A corporation has the ability to enter into contracts separate from those of shareholders, but it also has certain responsibilities such as paying taxes. Businesses are generally best suited for large, established businesses with multiple employees or when other factors apply (for example, a company sells a product or offers a service that could expose the company to considerable liability). Ownership is determined by the issuance of shares. A hybrid between a corporation, a general partnership and a sole proprietorship. The owners of an LLC are called members. Members can be individuals, corporations, other LLCs and foreign corporations. Most states allow a single-owner LLC, called a “single-member LLC.” Are you ready to apply for a loan from Pathway Lending? Here are five steps to apply for a business loan today! A partnership is an explicit or implied agreement between two or more people who come together to operate a for-profit business. Each partner brings money, goods, labour or skills; any share of the profits and losses of the corporation; And everyone has unlimited personal liability for company debts. 29 Institution that operates as a business but is not for-profit › Museums, YMCA, boys and girls clubs, public schools. A company is a legal entity established by the laws of its State of incorporation.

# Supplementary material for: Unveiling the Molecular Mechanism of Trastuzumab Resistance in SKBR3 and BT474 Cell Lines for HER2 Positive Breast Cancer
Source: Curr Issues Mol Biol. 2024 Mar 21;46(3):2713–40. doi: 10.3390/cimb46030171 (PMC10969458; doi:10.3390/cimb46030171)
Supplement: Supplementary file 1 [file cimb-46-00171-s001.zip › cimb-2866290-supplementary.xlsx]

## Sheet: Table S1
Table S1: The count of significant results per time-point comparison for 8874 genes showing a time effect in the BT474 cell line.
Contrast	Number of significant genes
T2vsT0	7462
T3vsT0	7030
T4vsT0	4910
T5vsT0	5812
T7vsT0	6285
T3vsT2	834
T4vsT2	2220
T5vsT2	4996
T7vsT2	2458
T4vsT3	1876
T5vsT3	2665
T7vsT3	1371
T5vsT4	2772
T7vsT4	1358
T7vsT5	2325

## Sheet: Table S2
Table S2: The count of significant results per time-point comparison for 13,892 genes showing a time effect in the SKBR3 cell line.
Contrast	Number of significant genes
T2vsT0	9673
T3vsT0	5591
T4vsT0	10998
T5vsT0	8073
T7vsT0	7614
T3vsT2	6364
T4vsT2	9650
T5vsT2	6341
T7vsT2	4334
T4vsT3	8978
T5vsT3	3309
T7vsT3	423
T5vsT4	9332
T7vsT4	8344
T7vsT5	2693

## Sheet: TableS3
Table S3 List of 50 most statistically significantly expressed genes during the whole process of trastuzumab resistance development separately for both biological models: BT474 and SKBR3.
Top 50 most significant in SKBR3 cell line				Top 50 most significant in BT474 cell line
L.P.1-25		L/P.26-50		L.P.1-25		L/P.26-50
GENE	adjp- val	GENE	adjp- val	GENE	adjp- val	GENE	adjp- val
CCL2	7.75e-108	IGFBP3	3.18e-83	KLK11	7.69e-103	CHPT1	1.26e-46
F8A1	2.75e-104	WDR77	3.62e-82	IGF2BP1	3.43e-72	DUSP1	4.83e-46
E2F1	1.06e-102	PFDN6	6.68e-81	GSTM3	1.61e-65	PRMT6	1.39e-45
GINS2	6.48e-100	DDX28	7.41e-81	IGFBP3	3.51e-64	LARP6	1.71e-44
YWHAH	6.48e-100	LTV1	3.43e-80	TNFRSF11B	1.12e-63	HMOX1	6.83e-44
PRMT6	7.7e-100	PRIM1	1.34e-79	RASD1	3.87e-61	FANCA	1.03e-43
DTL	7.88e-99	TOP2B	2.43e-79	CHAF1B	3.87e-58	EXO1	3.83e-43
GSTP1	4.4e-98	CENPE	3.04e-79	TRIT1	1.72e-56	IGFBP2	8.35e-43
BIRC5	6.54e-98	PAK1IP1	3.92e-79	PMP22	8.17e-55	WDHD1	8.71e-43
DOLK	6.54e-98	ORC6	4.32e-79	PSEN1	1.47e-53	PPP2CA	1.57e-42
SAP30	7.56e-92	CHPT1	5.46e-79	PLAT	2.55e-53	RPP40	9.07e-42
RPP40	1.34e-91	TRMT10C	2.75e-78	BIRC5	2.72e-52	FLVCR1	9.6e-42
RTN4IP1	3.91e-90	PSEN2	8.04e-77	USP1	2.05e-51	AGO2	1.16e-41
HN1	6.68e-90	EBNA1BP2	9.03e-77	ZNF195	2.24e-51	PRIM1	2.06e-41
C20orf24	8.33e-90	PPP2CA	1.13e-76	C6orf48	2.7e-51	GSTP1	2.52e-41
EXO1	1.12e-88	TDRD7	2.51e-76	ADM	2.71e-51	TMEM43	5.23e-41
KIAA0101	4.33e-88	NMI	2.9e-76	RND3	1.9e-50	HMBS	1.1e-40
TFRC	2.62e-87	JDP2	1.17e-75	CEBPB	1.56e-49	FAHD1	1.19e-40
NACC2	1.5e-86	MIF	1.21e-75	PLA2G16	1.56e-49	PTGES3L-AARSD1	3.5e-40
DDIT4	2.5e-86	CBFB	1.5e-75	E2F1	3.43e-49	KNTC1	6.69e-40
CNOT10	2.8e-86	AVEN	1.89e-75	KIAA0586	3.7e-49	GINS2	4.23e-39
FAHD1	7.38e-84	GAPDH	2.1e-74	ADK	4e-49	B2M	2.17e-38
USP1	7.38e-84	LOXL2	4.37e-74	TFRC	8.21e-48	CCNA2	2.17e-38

Each state has the power to enact laws on the establishment, organization and dissolution of enterprises. Many states follow the Model Business Corporation Act. (See Minnesota Adoption.) National company laws require articles of association to document the incorporation of the company and contain provisions on the management of internal affairs. Most Crown corporation statutes also require each corporation to make regulations defining the rights and responsibilities of officers, individuals and groups within its structure. States also have registration laws that require companies that establish themselves in other states to apply for permission to do business in the state. Liability: LLC members are protected from personal liability for the company`s debts and claims, a feature known as “limited liability.” If a limited liability company owes money or faces a lawsuit, only the assets of the company itself are threatened. 6 Public companies have many shareholders who are sold in places like the New York Stock Exchange. Taxation: A partnership is a taxable unit, not a taxable unit.